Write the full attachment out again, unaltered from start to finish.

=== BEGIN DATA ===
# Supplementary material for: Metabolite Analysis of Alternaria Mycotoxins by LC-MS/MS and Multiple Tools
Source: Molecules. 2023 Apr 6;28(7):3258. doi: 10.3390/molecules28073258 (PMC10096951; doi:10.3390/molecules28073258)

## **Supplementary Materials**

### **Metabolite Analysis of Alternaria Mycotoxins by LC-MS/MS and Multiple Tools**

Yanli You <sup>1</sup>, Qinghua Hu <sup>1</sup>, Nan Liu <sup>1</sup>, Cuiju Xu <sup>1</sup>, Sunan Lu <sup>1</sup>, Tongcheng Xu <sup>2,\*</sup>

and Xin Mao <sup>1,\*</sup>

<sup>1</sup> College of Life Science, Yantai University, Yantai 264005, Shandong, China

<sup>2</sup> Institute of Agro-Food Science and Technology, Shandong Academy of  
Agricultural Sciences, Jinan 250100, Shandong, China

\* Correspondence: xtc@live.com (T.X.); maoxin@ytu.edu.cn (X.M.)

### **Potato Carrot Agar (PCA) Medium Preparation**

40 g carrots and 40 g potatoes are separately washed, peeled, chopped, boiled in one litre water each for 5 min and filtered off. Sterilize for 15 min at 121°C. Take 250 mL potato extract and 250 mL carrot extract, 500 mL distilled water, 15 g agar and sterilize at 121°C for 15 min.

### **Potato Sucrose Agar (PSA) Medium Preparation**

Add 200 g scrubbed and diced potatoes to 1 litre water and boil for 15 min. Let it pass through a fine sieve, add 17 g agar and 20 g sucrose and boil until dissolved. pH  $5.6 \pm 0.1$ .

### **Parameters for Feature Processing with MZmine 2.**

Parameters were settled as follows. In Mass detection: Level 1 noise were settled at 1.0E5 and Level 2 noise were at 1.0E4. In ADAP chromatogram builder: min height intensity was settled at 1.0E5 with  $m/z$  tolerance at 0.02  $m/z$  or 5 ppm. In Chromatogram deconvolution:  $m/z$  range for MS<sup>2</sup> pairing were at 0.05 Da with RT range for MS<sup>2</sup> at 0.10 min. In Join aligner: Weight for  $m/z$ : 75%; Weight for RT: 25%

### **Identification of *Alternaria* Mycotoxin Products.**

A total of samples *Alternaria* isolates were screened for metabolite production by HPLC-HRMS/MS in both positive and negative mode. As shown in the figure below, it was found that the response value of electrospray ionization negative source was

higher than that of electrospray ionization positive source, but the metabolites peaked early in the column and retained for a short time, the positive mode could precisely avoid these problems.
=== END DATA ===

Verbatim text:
# Supplementary material for: Metabolite Analysis of Alternaria Mycotoxins by LC-MS/MS and Multiple Tools
Source: Molecules. 2023 Apr 6;28(7):3258. doi: 10.3390/molecules28073258 (PMC10096951; doi:10.3390/molecules28073258)

## **Supplementary Materials**

### **Metabolite Analysis of Alternaria Mycotoxins by LC-MS/MS and Multiple Tools**

Yanli You <sup>1</sup>, Qinghua Hu <sup>1</sup>, Nan Liu <sup>1</sup>, Cuiju Xu <sup>1</sup>, Sunan Lu <sup>1</sup>, Tongcheng Xu <sup>2,\*</sup>

and Xin Mao <sup>1,\*</sup>

<sup>1</sup> College of Life Science, Yantai University, Yantai 264005, Shandong, China

<sup>2</sup> Institute of Agro-Food Science and Technology, Shandong Academy of  
Agricultural Sciences, Jinan 250100, Shandong, China

\* Correspondence: xtc@live.com (T.X.); maoxin@ytu.edu.cn (X.M.)

### **Potato Carrot Agar (PCA) Medium Preparation**

40 g carrots and 40 g potatoes are separately washed, peeled, chopped, boiled in one litre water each for 5 min and filtered off. Sterilize for 15 min at 121°C. Take 250 mL potato extract and 250 mL carrot extract, 500 mL distilled water, 15 g agar and sterilize at 121°C for 15 min.

### **Potato Sucrose Agar (PSA) Medium Preparation**

Add 200 g scrubbed and diced potatoes to 1 litre water and boil for 15 min. Let it pass through a fine sieve, add 17 g agar and 20 g sucrose and boil until dissolved. pH  $5.6 \pm 0.1$ .

### **Parameters for Feature Processing with MZmine 2.**

Parameters were settled as follows. In Mass detection: Level 1 noise were settled at 1.0E5 and Level 2 noise were at 1.0E4. In ADAP chromatogram builder: min height intensity was settled at 1.0E5 with  $m/z$  tolerance at 0.02  $m/z$  or 5 ppm. In Chromatogram deconvolution:  $m/z$  range for MS<sup>2</sup> pairing were at 0.05 Da with RT range for MS<sup>2</sup> at 0.10 min. In Join aligner: Weight for  $m/z$ : 75%; Weight for RT: 25%

### **Identification of *Alternaria* Mycotoxin Products.**

A total of samples *Alternaria* isolates were screened for metabolite production by HPLC-HRMS/MS in both positive and negative mode. As shown in the figure below, it was found that the response value of electrospray ionization negative source was

higher than that of electrospray ionization positive source, but the metabolites peaked early in the column and retained for a short time, the positive mode could precisely avoid these problems.